European nations involved in the Slave Trade and its associated crimes against African people should render a formal apology, says President Nana Addo Dankwa Akufo-Addo.
“No amount of money can restore the damage caused by the Trans-Atlantic Slave Trade and its consequences, which spanned many centuries,” he noted.
Addressing the opening session of a summit dubbed the ‘Global Convening for the Restitution of African Heritage’, at the W.E.B. du Bois Centre, in Accra, he said the time was long overdue.
The crimes and damage caused to the people, psyche, image and character of Africans the world over, demanded that the perpetrators of the slave trade formally admitted their guilt, he advised.
The three-day summit is being organised under the auspices of the Open Society Foundations – the world’s largest private funder of independent groups working for justice, democratic governance and human rights.
It focuses on interrogating key questions to continue to advance and build a resilient and sustainable restitution movement.
The activities include interactive thematic sessions, networking for key stakeholders including, representatives from the African Union (AU) as well as the West African regional block, ECOWAS, United Nations agencies, artists and academia.
The convening is being held amid global pressure and demand for the repatriation of African heritage, particularly stolen cultural relics and artefacts which embodied the identity of the people.
At its 44th plenary meeting on December 6, 2021, the UN General Assembly unanimously adopted a resolution titled “Return or restitution of cultural property to the countries of origin”, proposed by Greece and supported by an unprecedented 111 countries.
The resolution recognises the importance of the 1995 UNIDROIT Convention on Stolen or Illegally Exported Cultural Objects, together with other international conventions.
It enjoins member States to consider becoming parties to conventions that specifically address the return and restitution of cultural property to the countries of origin.
President Akufo-Addo urged Africans to engage with those from the Diaspora and form a united front to advance the cause of reparations.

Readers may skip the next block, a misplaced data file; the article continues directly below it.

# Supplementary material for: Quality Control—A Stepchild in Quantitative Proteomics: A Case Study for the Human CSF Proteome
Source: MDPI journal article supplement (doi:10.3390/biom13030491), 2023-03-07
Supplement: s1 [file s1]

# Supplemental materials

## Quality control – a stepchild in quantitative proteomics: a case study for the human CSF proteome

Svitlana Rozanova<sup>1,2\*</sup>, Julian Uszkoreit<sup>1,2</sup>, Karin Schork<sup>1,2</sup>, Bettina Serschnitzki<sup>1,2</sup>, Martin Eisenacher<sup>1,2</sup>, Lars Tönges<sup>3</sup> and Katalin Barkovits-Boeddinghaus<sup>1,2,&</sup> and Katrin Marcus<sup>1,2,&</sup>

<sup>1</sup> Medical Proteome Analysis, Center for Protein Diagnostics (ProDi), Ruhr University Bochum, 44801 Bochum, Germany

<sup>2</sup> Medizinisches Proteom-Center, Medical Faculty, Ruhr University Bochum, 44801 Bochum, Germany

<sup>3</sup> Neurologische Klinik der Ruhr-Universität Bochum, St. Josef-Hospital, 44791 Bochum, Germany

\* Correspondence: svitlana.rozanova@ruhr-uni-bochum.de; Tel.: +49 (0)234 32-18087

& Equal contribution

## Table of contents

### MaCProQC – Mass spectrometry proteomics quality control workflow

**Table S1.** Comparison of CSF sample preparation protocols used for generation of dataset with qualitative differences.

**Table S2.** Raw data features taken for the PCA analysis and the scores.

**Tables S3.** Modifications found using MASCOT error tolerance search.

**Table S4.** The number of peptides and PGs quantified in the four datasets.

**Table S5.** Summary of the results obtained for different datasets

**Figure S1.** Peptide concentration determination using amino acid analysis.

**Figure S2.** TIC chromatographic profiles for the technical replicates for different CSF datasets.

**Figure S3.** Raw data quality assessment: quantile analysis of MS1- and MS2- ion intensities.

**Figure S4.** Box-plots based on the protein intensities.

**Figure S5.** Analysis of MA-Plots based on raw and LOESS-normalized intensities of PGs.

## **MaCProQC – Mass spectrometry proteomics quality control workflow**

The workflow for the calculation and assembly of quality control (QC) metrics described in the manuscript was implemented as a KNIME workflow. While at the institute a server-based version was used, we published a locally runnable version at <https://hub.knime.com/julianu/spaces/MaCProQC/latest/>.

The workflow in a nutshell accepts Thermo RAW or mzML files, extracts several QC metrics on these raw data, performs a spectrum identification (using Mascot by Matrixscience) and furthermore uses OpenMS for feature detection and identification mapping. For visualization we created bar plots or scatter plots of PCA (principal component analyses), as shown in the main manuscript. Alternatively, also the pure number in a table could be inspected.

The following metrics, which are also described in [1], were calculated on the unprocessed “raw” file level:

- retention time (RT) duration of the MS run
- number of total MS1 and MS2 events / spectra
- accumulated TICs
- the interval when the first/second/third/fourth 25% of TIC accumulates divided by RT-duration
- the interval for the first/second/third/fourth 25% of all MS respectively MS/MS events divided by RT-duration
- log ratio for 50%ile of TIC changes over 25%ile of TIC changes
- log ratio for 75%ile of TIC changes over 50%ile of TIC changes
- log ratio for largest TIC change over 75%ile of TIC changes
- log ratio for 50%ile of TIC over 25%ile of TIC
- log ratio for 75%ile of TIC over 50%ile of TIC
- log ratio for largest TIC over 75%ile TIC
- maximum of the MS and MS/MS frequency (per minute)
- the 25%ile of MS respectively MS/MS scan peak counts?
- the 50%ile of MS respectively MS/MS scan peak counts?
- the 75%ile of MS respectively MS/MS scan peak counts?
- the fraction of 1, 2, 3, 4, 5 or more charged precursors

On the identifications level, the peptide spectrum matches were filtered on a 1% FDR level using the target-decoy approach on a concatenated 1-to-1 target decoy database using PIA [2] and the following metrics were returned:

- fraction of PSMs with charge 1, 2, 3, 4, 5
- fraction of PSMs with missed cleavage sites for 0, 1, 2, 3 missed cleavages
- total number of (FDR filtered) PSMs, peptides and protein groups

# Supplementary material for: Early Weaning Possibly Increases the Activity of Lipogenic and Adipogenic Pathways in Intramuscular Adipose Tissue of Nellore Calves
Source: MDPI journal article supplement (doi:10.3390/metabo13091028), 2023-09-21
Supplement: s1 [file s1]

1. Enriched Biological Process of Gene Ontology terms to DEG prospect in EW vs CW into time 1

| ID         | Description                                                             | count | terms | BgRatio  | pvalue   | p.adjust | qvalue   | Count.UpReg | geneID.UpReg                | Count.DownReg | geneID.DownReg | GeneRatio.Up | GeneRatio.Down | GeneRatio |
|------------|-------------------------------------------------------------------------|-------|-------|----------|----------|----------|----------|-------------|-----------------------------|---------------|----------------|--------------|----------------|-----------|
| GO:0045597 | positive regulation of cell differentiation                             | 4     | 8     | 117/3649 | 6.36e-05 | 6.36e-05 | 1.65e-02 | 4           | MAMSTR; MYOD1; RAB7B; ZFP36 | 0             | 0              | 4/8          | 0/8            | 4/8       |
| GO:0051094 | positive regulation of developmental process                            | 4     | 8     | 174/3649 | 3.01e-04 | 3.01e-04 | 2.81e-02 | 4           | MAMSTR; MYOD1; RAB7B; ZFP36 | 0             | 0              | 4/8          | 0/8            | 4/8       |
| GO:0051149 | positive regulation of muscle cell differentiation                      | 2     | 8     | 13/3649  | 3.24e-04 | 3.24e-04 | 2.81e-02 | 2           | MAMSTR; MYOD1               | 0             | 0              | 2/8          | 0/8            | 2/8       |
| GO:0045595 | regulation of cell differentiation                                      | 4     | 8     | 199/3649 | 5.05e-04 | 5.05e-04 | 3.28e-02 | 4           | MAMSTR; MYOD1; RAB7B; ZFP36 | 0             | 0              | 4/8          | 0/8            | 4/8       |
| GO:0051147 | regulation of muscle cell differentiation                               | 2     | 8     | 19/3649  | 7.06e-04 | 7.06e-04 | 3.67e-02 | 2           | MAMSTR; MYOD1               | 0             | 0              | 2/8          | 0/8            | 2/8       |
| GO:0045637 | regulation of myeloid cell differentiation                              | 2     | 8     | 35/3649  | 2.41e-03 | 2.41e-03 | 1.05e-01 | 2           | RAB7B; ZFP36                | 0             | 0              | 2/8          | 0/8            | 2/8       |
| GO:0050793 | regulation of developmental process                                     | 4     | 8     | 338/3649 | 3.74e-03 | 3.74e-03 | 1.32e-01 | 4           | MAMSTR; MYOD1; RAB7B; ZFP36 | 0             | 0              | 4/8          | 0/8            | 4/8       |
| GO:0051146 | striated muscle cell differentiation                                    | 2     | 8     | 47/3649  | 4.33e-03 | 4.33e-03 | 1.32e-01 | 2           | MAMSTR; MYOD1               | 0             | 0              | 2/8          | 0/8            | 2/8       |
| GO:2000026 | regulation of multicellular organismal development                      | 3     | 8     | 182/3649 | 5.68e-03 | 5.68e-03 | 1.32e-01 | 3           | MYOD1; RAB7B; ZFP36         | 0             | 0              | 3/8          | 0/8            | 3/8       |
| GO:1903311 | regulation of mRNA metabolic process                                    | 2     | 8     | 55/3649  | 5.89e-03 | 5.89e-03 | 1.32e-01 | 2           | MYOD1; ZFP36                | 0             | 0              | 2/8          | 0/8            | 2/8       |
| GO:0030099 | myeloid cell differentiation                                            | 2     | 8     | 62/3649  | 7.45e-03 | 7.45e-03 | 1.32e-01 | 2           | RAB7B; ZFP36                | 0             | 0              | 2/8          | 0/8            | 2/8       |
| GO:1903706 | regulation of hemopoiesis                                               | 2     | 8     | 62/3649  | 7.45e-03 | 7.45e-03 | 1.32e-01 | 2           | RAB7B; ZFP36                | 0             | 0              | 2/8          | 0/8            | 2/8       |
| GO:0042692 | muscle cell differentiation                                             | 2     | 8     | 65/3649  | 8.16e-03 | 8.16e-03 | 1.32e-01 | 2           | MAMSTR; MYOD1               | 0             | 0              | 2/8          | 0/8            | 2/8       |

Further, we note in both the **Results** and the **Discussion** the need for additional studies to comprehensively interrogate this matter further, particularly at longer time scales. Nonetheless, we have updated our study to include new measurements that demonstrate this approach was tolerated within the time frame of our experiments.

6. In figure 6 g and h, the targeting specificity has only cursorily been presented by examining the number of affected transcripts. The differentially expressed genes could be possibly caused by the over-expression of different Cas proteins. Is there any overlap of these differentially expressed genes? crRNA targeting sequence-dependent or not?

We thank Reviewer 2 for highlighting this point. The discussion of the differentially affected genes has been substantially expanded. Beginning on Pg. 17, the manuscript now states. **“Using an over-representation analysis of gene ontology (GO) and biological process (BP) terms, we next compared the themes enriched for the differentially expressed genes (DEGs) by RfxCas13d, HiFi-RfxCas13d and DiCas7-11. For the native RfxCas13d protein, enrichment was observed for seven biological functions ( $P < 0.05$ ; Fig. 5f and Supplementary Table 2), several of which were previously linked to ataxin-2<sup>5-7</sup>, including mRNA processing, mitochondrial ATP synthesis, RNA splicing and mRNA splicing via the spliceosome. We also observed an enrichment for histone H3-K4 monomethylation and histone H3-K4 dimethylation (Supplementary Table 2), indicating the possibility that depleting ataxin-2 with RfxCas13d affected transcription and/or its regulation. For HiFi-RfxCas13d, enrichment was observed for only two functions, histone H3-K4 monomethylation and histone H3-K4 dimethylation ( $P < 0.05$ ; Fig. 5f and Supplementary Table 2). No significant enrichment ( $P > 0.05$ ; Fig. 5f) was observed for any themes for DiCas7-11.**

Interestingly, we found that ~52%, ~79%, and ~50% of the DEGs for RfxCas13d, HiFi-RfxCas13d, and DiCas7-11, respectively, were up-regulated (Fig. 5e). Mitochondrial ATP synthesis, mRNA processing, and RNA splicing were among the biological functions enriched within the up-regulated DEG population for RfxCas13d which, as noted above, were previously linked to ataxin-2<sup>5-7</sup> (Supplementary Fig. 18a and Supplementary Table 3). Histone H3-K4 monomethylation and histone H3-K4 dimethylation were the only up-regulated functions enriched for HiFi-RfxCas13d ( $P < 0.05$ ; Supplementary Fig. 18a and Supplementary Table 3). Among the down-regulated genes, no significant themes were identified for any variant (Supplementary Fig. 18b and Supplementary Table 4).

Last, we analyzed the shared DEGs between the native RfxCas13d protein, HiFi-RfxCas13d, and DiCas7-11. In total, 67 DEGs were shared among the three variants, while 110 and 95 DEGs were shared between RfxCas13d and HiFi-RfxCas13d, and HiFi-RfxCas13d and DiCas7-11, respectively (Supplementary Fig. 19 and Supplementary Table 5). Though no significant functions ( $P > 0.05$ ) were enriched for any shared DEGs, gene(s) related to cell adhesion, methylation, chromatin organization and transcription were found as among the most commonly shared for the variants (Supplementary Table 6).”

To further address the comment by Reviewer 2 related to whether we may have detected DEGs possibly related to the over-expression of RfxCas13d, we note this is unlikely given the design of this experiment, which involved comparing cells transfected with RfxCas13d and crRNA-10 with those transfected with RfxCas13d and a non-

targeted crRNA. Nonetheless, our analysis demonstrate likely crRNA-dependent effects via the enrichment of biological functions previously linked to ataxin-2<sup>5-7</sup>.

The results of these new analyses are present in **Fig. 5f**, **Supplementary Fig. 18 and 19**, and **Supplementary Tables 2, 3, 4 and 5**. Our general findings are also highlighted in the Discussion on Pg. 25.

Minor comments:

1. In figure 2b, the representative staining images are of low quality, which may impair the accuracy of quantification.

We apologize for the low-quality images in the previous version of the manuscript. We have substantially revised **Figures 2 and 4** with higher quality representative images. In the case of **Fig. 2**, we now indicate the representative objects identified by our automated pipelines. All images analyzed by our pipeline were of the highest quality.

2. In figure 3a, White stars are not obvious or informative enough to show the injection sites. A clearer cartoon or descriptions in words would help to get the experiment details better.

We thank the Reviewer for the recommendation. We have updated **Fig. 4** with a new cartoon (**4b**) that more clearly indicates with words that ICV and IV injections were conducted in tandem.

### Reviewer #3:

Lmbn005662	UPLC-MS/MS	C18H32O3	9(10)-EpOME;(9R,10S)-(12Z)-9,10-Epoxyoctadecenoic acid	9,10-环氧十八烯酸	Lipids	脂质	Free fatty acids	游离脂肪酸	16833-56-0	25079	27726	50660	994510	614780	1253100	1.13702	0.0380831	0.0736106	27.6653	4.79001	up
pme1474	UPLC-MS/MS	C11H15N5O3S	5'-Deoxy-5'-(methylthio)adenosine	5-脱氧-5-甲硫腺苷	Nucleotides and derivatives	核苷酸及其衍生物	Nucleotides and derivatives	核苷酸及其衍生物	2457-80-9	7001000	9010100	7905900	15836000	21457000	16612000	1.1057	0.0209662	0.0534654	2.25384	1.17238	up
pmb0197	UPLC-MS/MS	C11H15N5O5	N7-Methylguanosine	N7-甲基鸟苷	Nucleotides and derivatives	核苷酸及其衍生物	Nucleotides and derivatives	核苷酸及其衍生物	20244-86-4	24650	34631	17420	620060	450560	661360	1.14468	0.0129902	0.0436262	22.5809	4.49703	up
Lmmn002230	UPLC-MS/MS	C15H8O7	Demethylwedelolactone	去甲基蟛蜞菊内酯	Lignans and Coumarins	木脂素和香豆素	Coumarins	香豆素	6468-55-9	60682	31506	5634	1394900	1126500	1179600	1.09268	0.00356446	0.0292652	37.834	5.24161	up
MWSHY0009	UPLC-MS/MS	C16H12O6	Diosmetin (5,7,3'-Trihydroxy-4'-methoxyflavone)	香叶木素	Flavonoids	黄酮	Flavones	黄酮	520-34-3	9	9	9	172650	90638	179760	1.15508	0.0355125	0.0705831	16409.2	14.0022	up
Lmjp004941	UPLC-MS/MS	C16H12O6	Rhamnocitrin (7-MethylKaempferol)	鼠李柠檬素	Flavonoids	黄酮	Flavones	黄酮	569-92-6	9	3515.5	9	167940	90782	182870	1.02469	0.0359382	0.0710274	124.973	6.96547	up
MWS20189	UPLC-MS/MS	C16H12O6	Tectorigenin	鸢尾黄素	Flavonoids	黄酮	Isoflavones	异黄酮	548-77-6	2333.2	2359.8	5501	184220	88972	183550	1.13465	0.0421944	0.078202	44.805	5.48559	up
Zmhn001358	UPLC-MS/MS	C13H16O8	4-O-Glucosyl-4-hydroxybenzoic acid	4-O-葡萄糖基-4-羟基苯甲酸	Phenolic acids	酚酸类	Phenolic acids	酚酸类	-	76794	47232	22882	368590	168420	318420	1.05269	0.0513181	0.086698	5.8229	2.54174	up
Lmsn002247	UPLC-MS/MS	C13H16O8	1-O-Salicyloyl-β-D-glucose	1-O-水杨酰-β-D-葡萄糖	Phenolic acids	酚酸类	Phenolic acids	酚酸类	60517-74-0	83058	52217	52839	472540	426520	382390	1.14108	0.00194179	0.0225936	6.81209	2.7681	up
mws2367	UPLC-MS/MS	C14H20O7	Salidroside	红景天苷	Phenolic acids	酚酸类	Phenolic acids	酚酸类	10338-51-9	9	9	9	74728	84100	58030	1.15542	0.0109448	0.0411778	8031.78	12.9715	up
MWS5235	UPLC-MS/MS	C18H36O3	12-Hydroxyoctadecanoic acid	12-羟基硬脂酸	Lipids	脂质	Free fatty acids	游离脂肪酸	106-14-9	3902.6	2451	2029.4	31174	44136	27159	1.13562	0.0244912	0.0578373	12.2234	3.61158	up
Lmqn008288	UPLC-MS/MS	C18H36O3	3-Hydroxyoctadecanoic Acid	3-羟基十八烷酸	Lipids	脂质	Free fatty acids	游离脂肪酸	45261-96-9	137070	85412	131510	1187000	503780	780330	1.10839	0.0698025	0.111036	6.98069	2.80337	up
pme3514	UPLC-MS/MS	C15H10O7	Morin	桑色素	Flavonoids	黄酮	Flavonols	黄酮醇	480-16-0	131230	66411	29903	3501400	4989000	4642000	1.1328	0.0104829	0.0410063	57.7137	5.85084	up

“Restitution, return, reparation and repatriation of stolen and looted African cultural properties at the precolonial and colonial circumstances, have to be issues of major concern to all Africans.
“I support fully the initiative for the return and reparation of African cultural properties to the continent.
“My government’s vision is in line with the aspirations of Africa’s Agenda 2063, which envisages an Africa with strong cultural identity, common heritage, shared values and ethics,” he assured.
The President explained that most of the cultural properties, when returned, would also offer the people the opportunity to develop local knowledge, technological, cultural and aesthetic value of the objects.
It will tap into the continent’s rich heritage and culture to enhance the continent’s togetherness.
President Nana Akufo-Addo acknowledged the fact that the restitution of cultural properties was not without tension and contestation.
Therefore, to ensure that the restitution processes do not invoke undue contestation, it is important that state and non-state institutions, activist groups and local community leaders work in partnership with international counterparts based on mutual trust and respect.
“This will involve dialogue, negotiation and consensus-building at all levels,” he advised.
He cited how some countries such as Senegal, Nigeria and Benin, had managed successfully to regain possession of some of the cultural properties that were illegally moved out of their territories.
Ghana, he said, regained some stolen cultural properties and relics, stating how in 2008, the Government collaborated with the elders of Ahanta to seek the return of the severed head of Nana Badu II, who was executed in 1838.
Other success stories include the return of some collections of the Ashanti Royal Family, and an Ashanti stool in 1985 by the British Government.
The cultural relics among the metal castings, human remains, carvings, manuscripts, photographs and sound recordings were moved from Africa either through the expeditions of the 1800s, stolen or acquired under questionable circumstances.
Reports indicate that over 90 per cent of these artworks lie outside Africa with numerous leaders calling for their repatriation as an honest gesture of addressing colonial injustices meted out to the continent.
The Quai Branly Museum in Paris, for instance, houses about 70,000 cultural objects from sub-Saharan Africa.
Approximately 85 per cent of all collections at the Africa Museum in Belgium are from the Congo, and the Humboldt Forum in Germany, has in its possession some 75,000 African traditional relics.
It is believed that from Africa, these treasures were either exchanged in Europe as gifts or sold at auction.
The Benin Bronzes, made of brass, have particularly shaped the restitution debate due to the heightened publicity they have received in Europe and Nigeria where they were taken from.
President Nana Akufo-Addo lauded the Open Society Foundations for the discourse and initiative.
This, he said, was important as it would contribute to efforts to ensure that African cultural properties were successfully returned to the continent and its rightful owners.
He asked the Society to support Ghana’s national focal team and other similar teams on restitution as well as committees set up for similar reasons on the African continent.
Mr. Ernest Bai Koroma, former President of Sierra Leone, said the stealing and keeping of African cultural artworks outside the continent was a great injustice to the people.
“It is like slavery and all other forms of exploitation,” he said.
Therefore, these artefacts and relics ought to be returned to their rightful owners, he stated.